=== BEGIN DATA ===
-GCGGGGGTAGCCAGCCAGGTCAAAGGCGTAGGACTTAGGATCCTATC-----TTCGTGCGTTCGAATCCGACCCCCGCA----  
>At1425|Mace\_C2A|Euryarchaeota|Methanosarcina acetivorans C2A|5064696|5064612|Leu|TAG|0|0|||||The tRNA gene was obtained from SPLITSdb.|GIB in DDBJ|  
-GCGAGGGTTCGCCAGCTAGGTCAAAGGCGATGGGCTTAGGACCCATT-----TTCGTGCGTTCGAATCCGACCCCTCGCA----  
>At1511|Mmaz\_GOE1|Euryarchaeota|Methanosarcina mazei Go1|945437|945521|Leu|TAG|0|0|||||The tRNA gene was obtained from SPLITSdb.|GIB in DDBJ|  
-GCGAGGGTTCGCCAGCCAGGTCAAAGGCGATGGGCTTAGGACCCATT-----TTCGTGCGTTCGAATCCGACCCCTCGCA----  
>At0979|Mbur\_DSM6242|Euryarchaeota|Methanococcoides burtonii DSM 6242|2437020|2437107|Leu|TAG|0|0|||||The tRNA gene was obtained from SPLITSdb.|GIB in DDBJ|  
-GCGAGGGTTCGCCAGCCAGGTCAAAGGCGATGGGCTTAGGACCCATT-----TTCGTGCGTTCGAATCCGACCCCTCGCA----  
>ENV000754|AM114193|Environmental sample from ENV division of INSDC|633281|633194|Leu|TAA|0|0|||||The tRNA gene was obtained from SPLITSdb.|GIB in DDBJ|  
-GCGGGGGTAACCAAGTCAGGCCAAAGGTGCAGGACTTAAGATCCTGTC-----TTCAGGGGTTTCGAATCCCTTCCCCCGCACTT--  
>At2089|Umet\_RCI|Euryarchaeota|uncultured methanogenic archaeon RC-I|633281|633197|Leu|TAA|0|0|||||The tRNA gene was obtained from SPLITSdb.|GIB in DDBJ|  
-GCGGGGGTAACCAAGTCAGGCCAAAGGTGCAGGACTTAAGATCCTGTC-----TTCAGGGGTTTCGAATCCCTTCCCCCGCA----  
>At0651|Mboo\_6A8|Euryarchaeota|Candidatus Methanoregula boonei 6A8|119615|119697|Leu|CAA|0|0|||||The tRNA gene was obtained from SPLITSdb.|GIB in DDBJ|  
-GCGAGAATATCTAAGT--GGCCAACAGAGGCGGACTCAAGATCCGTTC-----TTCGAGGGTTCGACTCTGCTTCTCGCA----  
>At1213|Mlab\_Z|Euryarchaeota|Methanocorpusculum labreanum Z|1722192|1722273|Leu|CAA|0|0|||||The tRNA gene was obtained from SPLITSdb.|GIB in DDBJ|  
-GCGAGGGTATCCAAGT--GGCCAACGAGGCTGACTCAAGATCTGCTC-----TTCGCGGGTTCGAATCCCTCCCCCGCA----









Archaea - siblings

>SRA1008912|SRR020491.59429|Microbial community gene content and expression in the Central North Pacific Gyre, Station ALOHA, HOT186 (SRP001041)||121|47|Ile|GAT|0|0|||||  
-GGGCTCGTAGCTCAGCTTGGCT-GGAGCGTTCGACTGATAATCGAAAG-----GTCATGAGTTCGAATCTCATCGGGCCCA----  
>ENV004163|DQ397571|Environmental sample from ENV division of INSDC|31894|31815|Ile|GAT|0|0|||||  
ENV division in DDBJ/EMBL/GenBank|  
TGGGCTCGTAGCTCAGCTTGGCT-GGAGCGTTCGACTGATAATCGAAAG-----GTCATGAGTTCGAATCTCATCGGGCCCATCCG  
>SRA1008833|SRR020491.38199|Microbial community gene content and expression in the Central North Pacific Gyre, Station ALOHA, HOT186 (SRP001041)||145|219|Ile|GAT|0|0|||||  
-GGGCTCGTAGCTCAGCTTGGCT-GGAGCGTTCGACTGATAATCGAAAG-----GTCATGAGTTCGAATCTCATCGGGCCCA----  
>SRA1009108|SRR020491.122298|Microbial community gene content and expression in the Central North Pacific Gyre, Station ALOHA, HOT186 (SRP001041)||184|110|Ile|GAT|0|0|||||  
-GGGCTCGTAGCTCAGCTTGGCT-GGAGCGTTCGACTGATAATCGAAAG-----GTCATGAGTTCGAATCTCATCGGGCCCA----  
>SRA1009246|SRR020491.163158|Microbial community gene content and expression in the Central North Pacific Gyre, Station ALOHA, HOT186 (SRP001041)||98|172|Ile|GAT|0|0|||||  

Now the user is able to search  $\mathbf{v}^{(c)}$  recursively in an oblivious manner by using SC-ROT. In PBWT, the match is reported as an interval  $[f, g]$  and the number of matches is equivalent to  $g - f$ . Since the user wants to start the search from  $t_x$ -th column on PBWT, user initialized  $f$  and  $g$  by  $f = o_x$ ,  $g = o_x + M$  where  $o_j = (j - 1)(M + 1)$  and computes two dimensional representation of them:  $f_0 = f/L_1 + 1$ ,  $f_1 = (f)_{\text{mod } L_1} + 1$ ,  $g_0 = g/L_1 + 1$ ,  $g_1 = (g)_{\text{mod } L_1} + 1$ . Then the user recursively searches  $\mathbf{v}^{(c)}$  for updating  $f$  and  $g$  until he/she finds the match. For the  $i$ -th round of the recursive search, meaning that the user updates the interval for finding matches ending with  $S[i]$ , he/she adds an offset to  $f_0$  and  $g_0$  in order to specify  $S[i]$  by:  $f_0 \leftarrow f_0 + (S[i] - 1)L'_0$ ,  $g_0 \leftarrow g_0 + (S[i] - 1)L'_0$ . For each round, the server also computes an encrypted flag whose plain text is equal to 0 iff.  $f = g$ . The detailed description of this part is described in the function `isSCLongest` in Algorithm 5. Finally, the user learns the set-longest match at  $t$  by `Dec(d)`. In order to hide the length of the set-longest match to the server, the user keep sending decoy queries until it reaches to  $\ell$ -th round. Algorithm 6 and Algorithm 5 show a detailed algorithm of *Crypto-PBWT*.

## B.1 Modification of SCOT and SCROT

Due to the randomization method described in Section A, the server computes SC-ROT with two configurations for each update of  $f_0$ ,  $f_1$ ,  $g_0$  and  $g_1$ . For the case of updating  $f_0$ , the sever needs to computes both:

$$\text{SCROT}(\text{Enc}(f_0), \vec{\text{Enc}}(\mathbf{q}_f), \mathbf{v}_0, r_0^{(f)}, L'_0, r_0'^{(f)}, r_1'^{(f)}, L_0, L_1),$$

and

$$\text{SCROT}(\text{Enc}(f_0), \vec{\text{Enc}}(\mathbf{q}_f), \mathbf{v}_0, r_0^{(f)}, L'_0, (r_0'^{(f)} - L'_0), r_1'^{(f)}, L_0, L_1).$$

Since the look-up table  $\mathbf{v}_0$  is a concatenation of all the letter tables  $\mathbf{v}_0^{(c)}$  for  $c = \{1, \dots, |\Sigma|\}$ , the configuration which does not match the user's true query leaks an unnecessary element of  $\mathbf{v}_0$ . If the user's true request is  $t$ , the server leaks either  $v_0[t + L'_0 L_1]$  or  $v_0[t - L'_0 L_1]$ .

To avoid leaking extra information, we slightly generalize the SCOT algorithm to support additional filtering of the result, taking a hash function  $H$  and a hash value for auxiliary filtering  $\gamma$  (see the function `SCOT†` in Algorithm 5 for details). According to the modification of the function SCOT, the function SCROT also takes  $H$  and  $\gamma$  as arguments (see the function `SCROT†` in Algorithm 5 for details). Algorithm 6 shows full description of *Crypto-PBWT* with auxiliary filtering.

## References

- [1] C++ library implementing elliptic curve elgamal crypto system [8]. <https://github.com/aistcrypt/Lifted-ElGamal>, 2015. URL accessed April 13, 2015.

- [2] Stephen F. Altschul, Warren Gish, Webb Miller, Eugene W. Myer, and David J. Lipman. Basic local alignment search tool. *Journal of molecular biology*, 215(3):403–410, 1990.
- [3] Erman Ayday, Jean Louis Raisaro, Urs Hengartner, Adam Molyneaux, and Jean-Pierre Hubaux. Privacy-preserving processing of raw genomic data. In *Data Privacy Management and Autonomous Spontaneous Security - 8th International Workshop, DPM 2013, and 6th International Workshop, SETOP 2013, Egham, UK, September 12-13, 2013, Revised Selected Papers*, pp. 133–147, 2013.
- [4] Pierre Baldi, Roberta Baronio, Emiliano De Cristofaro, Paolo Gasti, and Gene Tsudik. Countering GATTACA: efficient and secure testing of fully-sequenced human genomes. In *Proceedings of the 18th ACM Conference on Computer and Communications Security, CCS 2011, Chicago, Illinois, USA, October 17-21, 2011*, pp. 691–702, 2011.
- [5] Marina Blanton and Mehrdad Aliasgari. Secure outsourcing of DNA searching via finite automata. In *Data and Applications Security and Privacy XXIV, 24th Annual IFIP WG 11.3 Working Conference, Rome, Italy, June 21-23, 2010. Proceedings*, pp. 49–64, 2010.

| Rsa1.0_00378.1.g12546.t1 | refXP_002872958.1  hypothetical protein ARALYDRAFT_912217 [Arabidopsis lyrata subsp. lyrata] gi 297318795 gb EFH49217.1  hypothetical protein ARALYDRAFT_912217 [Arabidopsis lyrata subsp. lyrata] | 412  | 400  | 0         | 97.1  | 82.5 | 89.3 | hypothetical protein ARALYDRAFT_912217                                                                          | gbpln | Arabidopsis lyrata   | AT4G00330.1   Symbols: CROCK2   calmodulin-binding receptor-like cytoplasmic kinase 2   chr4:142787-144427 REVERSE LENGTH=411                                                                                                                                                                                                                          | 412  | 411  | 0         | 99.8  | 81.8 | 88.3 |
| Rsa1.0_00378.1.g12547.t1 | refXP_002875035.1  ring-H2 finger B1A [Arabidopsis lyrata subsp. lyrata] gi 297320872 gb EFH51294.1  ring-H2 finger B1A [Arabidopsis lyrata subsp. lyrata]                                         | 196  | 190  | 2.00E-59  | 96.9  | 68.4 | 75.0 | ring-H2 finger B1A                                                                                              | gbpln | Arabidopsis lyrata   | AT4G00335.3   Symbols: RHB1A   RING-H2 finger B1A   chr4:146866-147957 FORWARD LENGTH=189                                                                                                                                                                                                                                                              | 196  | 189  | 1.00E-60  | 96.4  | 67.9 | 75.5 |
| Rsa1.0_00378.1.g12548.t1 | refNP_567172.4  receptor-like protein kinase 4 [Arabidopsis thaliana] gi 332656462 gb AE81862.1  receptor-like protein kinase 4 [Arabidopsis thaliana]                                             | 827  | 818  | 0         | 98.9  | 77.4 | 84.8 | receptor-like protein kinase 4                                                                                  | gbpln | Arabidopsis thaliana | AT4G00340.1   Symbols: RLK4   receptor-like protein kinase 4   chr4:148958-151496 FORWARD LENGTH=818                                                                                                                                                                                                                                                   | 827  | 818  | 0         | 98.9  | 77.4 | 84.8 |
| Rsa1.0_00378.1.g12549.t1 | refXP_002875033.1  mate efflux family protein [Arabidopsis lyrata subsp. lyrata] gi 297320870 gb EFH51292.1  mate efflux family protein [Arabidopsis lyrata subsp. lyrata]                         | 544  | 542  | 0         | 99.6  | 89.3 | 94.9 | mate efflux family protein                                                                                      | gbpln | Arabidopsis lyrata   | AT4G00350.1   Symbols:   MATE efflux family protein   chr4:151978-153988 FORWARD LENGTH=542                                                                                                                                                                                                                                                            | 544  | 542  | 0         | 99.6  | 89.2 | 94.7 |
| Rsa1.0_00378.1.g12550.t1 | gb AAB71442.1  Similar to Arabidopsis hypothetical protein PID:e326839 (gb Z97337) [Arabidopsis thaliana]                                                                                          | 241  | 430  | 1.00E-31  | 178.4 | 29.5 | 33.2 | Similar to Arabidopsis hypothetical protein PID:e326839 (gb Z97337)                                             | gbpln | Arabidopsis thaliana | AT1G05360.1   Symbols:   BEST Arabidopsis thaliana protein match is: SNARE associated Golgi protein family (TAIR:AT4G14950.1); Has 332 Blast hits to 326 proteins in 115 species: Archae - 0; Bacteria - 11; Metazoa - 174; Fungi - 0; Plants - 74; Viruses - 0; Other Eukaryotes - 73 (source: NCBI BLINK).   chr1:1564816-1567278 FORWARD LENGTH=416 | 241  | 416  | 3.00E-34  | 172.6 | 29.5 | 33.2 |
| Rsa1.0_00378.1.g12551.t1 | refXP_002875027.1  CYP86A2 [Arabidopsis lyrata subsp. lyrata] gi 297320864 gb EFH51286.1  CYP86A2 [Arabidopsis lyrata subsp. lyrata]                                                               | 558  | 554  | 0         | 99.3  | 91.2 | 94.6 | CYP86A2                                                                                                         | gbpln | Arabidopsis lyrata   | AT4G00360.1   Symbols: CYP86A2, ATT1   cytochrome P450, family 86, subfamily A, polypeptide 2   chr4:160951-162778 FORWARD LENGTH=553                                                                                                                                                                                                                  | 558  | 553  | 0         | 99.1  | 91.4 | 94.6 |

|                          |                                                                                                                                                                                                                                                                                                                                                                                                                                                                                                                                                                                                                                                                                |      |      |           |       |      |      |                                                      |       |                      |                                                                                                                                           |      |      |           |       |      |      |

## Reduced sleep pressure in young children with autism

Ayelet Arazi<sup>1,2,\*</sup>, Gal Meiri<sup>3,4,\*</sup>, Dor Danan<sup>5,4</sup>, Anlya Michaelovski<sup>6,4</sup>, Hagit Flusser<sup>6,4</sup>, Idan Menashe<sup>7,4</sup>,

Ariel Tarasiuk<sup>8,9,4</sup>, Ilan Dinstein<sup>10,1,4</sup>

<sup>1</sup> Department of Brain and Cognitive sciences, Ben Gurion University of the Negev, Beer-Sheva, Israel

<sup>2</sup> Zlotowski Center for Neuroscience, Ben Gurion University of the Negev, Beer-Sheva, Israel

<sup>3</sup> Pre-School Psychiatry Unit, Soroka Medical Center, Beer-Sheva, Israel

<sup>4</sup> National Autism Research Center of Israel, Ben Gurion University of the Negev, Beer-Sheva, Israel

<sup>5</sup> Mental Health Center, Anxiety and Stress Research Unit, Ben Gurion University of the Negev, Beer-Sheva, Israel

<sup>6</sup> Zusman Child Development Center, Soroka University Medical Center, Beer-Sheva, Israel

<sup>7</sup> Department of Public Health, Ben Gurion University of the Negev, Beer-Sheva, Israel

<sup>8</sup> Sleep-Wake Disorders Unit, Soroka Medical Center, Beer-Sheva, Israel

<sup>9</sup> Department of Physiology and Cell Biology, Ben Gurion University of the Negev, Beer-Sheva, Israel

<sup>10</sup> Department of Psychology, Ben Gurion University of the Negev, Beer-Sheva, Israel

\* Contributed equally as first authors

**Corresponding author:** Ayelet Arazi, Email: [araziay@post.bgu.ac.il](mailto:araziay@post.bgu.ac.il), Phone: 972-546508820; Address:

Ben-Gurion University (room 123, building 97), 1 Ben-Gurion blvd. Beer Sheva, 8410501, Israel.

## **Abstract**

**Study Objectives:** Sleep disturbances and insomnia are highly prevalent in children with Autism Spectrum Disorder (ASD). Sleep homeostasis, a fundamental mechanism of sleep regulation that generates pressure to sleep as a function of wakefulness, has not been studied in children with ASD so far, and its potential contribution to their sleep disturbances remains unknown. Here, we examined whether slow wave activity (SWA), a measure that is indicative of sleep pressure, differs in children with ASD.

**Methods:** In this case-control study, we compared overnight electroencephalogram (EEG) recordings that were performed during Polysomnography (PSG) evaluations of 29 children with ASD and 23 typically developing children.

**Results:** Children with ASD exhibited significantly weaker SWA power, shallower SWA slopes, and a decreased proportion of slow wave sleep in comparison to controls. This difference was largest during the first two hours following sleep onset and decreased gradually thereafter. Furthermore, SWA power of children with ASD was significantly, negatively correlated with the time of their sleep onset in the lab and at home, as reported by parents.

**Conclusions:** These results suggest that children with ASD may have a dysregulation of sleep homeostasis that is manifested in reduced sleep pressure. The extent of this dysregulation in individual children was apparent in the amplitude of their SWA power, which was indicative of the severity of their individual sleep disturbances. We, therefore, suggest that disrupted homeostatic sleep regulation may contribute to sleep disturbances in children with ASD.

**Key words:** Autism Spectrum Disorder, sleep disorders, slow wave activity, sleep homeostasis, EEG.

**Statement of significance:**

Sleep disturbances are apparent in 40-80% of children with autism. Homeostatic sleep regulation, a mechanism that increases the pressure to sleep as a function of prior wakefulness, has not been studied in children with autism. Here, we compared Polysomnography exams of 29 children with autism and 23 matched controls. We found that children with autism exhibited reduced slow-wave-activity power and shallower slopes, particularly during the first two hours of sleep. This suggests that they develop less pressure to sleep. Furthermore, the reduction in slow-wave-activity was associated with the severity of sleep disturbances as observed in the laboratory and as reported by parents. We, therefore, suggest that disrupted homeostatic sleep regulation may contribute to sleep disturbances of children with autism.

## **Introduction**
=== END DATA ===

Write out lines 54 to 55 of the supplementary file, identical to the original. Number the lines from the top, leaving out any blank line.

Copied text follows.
<sup>4</sup> National Autism Research Center of Israel, Ben Gurion University of the Negev, Beer-Sheva, Israel

<sup>5</sup> Mental Health Center, Anxiety and Stress Research Unit, Ben Gurion University of the Negev, Beer-Sheva, Israel